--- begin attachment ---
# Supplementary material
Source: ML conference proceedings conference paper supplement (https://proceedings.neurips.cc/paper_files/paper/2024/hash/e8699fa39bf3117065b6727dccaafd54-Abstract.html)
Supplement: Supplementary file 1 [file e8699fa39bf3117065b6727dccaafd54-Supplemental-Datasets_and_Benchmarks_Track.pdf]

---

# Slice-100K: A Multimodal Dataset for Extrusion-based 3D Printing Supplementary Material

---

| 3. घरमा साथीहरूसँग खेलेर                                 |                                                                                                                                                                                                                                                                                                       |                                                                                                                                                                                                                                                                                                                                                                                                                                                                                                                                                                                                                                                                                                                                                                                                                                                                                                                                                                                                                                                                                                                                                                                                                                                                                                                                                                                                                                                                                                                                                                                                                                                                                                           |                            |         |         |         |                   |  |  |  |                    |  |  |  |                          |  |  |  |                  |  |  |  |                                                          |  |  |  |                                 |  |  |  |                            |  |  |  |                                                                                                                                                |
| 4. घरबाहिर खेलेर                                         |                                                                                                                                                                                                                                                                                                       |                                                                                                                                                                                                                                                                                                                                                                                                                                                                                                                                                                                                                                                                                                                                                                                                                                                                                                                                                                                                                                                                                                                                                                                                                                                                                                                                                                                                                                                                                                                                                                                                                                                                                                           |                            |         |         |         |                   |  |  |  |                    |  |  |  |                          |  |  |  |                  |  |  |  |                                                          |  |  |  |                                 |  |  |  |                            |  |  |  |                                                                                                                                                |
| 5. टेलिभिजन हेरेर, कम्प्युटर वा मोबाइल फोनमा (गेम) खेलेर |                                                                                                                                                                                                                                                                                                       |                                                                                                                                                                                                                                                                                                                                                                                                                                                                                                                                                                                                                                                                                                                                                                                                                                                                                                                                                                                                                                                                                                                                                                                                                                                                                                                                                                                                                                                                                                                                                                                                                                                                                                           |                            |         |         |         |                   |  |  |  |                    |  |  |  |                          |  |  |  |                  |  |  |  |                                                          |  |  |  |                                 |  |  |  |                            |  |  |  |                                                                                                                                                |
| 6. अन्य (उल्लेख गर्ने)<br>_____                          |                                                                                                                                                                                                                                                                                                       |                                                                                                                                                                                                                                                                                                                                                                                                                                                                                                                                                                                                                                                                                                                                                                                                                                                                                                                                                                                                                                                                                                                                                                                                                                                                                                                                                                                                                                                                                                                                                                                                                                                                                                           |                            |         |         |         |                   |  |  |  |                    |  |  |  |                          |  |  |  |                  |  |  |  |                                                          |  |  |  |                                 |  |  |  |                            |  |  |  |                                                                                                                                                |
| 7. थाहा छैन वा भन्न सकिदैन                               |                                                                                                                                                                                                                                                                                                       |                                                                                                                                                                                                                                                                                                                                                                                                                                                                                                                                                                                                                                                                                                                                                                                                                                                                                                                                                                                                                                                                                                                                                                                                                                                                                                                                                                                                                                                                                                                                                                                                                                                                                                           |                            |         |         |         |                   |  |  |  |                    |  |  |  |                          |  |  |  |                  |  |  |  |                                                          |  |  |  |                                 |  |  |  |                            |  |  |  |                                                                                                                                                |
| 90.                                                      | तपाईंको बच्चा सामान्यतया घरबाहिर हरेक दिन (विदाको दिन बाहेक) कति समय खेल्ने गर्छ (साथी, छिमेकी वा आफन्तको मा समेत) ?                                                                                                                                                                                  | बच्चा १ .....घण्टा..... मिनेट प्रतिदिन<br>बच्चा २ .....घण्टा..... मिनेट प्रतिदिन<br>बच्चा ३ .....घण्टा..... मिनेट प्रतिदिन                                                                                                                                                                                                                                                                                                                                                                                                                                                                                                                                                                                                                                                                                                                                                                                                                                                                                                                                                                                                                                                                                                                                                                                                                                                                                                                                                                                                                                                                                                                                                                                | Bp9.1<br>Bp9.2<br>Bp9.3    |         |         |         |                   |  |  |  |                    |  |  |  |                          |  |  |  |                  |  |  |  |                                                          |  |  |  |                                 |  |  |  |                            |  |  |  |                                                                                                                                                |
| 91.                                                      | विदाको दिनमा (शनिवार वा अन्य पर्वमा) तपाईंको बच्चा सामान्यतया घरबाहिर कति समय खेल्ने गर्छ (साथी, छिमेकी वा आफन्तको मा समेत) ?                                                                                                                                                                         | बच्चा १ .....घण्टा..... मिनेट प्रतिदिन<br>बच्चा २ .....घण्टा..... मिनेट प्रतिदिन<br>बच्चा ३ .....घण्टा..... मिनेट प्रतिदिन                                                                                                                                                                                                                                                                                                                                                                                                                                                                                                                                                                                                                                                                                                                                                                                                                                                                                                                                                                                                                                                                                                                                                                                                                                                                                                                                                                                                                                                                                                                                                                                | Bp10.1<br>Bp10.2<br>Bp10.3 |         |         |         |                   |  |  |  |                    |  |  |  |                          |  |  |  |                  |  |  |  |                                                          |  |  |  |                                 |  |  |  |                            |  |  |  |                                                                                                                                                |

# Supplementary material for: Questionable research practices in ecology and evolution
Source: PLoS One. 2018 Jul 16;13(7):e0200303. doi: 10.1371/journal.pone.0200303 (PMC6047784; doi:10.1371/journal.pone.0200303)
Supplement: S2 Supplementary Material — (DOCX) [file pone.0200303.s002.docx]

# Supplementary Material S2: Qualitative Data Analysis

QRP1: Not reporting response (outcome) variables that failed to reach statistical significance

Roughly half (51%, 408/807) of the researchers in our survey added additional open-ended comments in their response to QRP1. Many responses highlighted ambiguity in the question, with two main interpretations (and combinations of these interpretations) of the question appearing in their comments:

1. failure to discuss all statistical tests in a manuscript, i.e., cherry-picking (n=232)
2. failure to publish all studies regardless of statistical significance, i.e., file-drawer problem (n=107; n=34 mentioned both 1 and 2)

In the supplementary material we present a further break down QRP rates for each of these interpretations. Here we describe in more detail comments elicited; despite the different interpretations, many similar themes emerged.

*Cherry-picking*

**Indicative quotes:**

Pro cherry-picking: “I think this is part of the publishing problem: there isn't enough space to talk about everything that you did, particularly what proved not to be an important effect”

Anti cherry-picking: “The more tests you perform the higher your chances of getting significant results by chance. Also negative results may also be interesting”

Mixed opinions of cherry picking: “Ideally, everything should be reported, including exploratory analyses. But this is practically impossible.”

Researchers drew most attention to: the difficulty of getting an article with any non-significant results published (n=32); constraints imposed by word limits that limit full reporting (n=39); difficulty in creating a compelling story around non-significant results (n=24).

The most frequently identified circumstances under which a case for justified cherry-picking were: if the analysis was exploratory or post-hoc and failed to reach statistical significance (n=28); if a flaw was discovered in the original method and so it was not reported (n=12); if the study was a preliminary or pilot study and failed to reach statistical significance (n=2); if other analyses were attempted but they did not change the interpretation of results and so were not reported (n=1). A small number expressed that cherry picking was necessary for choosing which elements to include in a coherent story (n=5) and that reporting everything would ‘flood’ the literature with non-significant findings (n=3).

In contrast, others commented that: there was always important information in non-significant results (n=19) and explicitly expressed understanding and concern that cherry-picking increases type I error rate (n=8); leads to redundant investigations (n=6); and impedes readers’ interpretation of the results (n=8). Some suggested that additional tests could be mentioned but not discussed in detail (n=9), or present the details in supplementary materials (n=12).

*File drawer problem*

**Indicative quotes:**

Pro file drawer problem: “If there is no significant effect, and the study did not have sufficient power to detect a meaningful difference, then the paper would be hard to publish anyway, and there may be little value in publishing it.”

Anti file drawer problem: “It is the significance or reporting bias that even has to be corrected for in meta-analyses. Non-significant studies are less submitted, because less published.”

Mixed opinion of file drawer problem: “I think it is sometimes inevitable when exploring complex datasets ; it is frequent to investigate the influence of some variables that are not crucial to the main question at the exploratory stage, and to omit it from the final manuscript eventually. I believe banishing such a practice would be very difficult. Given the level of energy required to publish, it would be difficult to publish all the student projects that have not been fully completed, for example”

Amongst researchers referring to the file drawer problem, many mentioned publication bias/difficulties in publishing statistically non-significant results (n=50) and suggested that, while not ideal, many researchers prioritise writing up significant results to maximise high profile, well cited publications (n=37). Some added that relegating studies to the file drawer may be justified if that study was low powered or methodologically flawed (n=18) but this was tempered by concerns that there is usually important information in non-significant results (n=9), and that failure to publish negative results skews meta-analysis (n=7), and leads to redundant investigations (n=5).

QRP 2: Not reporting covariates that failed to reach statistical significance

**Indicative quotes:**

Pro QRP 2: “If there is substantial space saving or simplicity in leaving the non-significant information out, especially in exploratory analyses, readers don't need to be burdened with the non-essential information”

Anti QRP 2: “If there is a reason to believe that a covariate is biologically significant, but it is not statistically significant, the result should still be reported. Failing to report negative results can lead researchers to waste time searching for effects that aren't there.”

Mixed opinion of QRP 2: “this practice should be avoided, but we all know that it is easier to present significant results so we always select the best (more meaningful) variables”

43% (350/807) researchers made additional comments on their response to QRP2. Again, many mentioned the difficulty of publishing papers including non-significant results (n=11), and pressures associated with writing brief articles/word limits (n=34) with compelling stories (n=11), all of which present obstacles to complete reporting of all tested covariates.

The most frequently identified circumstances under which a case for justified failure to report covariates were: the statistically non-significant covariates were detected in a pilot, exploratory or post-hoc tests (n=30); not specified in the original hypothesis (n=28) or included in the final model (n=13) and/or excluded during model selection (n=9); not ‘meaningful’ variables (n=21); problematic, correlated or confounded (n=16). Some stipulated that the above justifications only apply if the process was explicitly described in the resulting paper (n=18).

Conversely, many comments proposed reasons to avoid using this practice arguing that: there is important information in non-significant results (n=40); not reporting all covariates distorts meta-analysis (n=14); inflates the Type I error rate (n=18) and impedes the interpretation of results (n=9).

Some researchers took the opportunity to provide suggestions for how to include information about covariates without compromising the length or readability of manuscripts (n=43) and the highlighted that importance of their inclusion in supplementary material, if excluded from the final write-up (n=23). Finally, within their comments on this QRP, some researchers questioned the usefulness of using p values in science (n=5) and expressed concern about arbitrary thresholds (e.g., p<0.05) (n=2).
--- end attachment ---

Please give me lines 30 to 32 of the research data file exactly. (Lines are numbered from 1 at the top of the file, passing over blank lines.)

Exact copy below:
In contrast, others commented that: there was always important information in non-significant results (n=19) and explicitly expressed understanding and concern that cherry-picking increases type I error rate (n=8); leads to redundant investigations (n=6); and impedes readers’ interpretation of the results (n=8). Some suggested that additional tests could be mentioned but not discussed in detail (n=9), or present the details in supplementary materials (n=12).

*File drawer problem*

**Indicative quotes:**